Beneficial effects of Z. lotus polyphenols on health might be generated by their antioxidant and radical scavenging properties. Interestingly, our previous studies demonstrated that Z. lotus polyphenols also modulate human immune cell signaling and exert immunosuppressive effects [14]. As shown in Figure 3, in human T cells, Z. lotus polyphenols (ZLP) upregulate thapsigargin- (TG-, inhibitor of Ca2+-ATPase) mediated calcium signaling at endoplasmic reticulum level, modulate plasma membrane, and, thus, block the entry of ions, decrease ERK1 and ERK2 activation, diminish cell proliferation and IL-2 expression by arresting S cell cycle, and increase intracellular acidification in dose-dependent manner [14]. ZLP alone do not induce elevation of intracellular calcium concentration, [Ca2+]i, in these cells. Consistent with this, Z. lotus might have a potential benefit in human autoimmune diseases.

Figure 3: Schematic representation of Z. Lotus phenolic compounds-induced immune cell signaling. Note: ZLP: Z. Lotus polyphenols; TG: Thapsigargin; PHA: phytohemagglutinin (see text for details).

7. Conclusion

Collectively, this review provides updated comprehensive information on Z. lotus as a source of several bioactive compounds which hold therapeutic potentialities for human nutrition, health promoting, and disease preventing. As mentioned in Table 8, several scientific papers have clearly reported many biological properties of the different parts of this plant and its constituents through in vitro and in vivo studies. The potent antioxidant, antimicrobial, and anti-inflammatory effects of Z. lotus have been distinctly elucidated. On another side, Z. lotus extracts present beneficial effects on metabolic disorders via antidiabetic and hypoglycemic actions. In vivo studies showed that Z. lotus supplementation might be used to treat gastrointestinal disorders. On the nutritional level, this plant is rich in many nutriments which may be used in various fields such as food, cosmetics, and pharmaceutics.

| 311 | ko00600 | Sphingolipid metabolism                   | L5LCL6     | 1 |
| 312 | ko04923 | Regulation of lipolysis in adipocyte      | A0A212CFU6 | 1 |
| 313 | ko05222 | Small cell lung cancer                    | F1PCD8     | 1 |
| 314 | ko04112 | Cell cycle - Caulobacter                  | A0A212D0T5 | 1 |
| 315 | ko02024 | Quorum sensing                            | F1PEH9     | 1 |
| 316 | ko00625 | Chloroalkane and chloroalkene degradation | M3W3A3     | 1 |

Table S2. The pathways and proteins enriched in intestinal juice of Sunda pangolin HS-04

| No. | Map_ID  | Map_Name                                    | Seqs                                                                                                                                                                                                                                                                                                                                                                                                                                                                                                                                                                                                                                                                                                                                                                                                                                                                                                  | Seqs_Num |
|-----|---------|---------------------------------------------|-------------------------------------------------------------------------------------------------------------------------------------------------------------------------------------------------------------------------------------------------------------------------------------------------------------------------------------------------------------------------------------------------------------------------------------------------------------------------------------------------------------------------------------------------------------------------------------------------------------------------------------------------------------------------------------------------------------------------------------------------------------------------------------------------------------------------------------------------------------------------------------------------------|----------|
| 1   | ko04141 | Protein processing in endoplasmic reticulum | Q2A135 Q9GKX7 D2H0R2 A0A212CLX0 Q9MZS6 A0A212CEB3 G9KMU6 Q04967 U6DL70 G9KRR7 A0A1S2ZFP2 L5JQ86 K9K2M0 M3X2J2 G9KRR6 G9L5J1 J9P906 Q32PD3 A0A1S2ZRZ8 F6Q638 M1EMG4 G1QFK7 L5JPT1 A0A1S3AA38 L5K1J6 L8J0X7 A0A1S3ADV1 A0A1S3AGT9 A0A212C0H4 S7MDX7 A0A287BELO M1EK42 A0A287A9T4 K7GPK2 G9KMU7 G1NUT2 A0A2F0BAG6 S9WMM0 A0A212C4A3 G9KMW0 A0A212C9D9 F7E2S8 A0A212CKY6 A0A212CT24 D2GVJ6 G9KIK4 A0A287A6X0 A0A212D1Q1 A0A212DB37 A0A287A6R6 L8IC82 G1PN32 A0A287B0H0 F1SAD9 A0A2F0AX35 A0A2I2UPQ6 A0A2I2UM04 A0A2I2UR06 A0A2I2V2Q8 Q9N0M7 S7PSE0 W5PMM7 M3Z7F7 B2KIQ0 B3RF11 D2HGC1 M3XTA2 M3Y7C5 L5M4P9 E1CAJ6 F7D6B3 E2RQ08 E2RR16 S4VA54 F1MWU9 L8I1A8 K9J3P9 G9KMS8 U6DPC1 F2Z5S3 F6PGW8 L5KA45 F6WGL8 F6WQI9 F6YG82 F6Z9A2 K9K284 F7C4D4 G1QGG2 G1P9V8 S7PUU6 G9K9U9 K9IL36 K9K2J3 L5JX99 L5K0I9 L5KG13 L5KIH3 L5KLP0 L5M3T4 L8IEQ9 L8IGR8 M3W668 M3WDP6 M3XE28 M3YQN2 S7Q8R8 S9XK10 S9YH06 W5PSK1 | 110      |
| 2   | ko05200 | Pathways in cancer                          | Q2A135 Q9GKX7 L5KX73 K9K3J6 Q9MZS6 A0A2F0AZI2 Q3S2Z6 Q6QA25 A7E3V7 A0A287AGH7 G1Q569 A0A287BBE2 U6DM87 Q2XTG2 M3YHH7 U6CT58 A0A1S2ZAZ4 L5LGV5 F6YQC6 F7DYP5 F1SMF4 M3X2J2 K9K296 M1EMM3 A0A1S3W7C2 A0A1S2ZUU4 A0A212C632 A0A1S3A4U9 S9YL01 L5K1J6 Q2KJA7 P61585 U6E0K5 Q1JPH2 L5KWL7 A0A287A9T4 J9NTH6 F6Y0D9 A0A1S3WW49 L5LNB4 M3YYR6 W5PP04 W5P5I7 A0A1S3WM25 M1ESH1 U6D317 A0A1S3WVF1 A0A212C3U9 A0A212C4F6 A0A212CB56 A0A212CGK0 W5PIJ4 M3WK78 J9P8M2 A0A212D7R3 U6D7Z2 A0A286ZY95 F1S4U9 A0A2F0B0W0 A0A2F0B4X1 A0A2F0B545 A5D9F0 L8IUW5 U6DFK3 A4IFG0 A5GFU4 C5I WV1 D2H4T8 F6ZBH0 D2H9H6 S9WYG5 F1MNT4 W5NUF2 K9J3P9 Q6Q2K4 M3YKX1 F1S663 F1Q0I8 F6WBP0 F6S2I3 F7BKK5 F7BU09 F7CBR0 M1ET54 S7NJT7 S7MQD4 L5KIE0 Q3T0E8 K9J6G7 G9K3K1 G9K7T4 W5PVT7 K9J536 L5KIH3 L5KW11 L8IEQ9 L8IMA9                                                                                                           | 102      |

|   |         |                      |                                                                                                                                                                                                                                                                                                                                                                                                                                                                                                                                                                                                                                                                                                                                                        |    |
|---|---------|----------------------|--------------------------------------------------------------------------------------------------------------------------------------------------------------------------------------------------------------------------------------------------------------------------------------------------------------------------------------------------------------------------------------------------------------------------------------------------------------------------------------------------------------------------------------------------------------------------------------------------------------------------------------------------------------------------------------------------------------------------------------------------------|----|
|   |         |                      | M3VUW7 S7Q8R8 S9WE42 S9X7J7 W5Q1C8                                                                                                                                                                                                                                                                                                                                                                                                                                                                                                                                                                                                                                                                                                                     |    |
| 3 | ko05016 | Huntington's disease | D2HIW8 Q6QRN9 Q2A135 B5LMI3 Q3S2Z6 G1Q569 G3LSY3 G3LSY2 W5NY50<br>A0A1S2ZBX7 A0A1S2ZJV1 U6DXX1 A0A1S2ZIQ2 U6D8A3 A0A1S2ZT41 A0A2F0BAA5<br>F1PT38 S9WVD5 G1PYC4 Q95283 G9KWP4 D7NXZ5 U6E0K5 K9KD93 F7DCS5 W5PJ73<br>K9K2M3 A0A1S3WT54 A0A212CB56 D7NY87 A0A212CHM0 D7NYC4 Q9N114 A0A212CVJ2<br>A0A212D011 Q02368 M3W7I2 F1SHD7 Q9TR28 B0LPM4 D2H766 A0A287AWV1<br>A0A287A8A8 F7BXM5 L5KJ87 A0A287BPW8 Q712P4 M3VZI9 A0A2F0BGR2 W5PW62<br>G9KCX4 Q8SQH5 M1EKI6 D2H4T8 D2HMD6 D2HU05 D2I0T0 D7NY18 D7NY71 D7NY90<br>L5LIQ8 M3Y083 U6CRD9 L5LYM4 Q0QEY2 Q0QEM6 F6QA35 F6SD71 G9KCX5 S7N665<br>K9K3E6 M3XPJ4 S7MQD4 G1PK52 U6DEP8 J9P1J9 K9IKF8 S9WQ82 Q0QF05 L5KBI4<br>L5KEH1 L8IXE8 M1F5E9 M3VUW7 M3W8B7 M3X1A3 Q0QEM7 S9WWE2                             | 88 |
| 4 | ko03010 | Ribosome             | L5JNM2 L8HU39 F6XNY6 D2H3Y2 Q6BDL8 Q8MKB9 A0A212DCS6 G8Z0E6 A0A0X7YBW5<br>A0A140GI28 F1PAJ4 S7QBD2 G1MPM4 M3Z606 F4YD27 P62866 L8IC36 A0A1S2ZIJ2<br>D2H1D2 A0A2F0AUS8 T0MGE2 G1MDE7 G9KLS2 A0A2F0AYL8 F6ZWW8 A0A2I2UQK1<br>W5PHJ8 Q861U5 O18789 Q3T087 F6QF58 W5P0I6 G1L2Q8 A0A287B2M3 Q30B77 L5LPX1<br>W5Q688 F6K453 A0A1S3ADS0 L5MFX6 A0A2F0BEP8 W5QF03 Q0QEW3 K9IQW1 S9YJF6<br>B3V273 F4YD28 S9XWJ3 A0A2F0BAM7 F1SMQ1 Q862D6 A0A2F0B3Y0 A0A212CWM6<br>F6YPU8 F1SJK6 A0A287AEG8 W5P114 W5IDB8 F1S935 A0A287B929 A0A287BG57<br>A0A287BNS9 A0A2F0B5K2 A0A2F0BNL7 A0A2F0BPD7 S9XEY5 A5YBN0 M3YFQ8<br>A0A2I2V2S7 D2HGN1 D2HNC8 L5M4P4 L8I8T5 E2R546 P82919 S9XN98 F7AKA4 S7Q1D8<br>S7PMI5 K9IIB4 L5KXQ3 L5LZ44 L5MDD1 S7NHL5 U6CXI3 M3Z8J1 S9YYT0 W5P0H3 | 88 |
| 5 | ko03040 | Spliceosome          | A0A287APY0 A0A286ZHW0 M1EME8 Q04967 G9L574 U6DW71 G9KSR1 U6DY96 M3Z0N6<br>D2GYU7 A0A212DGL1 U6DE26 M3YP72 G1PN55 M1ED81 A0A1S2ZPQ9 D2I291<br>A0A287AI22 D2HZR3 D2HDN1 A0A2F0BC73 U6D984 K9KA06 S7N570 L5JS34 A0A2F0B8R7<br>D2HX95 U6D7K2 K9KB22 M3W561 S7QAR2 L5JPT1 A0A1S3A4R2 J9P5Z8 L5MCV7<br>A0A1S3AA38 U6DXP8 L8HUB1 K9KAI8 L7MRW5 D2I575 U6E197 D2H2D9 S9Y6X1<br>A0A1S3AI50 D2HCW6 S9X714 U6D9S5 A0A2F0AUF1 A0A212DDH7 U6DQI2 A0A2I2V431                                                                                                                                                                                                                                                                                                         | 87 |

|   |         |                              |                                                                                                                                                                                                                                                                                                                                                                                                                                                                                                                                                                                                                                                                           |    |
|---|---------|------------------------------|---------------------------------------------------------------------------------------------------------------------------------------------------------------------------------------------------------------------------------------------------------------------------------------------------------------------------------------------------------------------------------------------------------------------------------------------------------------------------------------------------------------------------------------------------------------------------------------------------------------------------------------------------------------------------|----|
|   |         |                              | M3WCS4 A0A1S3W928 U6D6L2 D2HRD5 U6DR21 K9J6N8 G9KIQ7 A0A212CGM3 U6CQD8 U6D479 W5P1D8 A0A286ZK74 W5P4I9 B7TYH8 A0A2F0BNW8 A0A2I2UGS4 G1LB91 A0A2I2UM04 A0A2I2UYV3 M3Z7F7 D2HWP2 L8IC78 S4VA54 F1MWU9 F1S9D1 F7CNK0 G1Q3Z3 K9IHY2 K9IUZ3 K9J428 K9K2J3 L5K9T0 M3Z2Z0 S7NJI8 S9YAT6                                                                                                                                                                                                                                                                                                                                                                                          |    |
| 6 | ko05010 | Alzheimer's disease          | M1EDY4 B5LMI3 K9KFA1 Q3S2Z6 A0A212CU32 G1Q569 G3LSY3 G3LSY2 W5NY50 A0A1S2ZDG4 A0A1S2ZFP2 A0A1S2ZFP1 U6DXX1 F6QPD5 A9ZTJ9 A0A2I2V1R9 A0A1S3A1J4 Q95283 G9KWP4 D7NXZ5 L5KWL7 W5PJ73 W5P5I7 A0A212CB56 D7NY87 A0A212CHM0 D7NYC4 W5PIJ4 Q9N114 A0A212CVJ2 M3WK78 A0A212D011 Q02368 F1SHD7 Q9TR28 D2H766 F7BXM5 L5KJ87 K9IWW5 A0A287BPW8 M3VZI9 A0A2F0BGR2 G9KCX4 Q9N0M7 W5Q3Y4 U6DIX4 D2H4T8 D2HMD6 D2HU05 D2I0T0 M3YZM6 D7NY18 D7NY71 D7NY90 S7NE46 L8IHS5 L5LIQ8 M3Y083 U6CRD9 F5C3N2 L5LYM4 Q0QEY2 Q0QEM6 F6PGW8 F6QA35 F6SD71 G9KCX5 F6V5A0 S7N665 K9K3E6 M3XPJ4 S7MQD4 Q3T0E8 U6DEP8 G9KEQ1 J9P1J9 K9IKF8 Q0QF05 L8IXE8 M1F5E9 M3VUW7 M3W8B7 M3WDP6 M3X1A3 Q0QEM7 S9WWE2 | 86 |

8. Future Perspectives

Although several studies reported the benefit effects of Z. lotus in many facets of human nutrition, health, and disease, the exact mechanisms by which Z. lotus bioactive compounds exert their biological and pharmacological activities are not yet entirely elucidated.

Therefore, further studies are required to elucidate the effects of Z. lotus extracts and active compounds in some unexplored domains such as cancer, metabolic disorders, inflammation, and age-linked diseases as well as their mechanisms of actions.

Abbreviations

Z. Lotus: Zizyphus lotus
ZLP: Zizyphus lotus polyphenols
TG:Thapsigargin
PHA:Phytohemagglutinin
:Intracellular calcium concentration
IL-2:Interleukin-2
ERK1/2:Extracellular signal-regulated kinase 1/2
ER:Endoplasmic reticulum.

Competing Interests

The author has no potential conflict of interests to declare.

Acknowledgments

This work was supported by grants from the French Ministry of Higher Education and Research.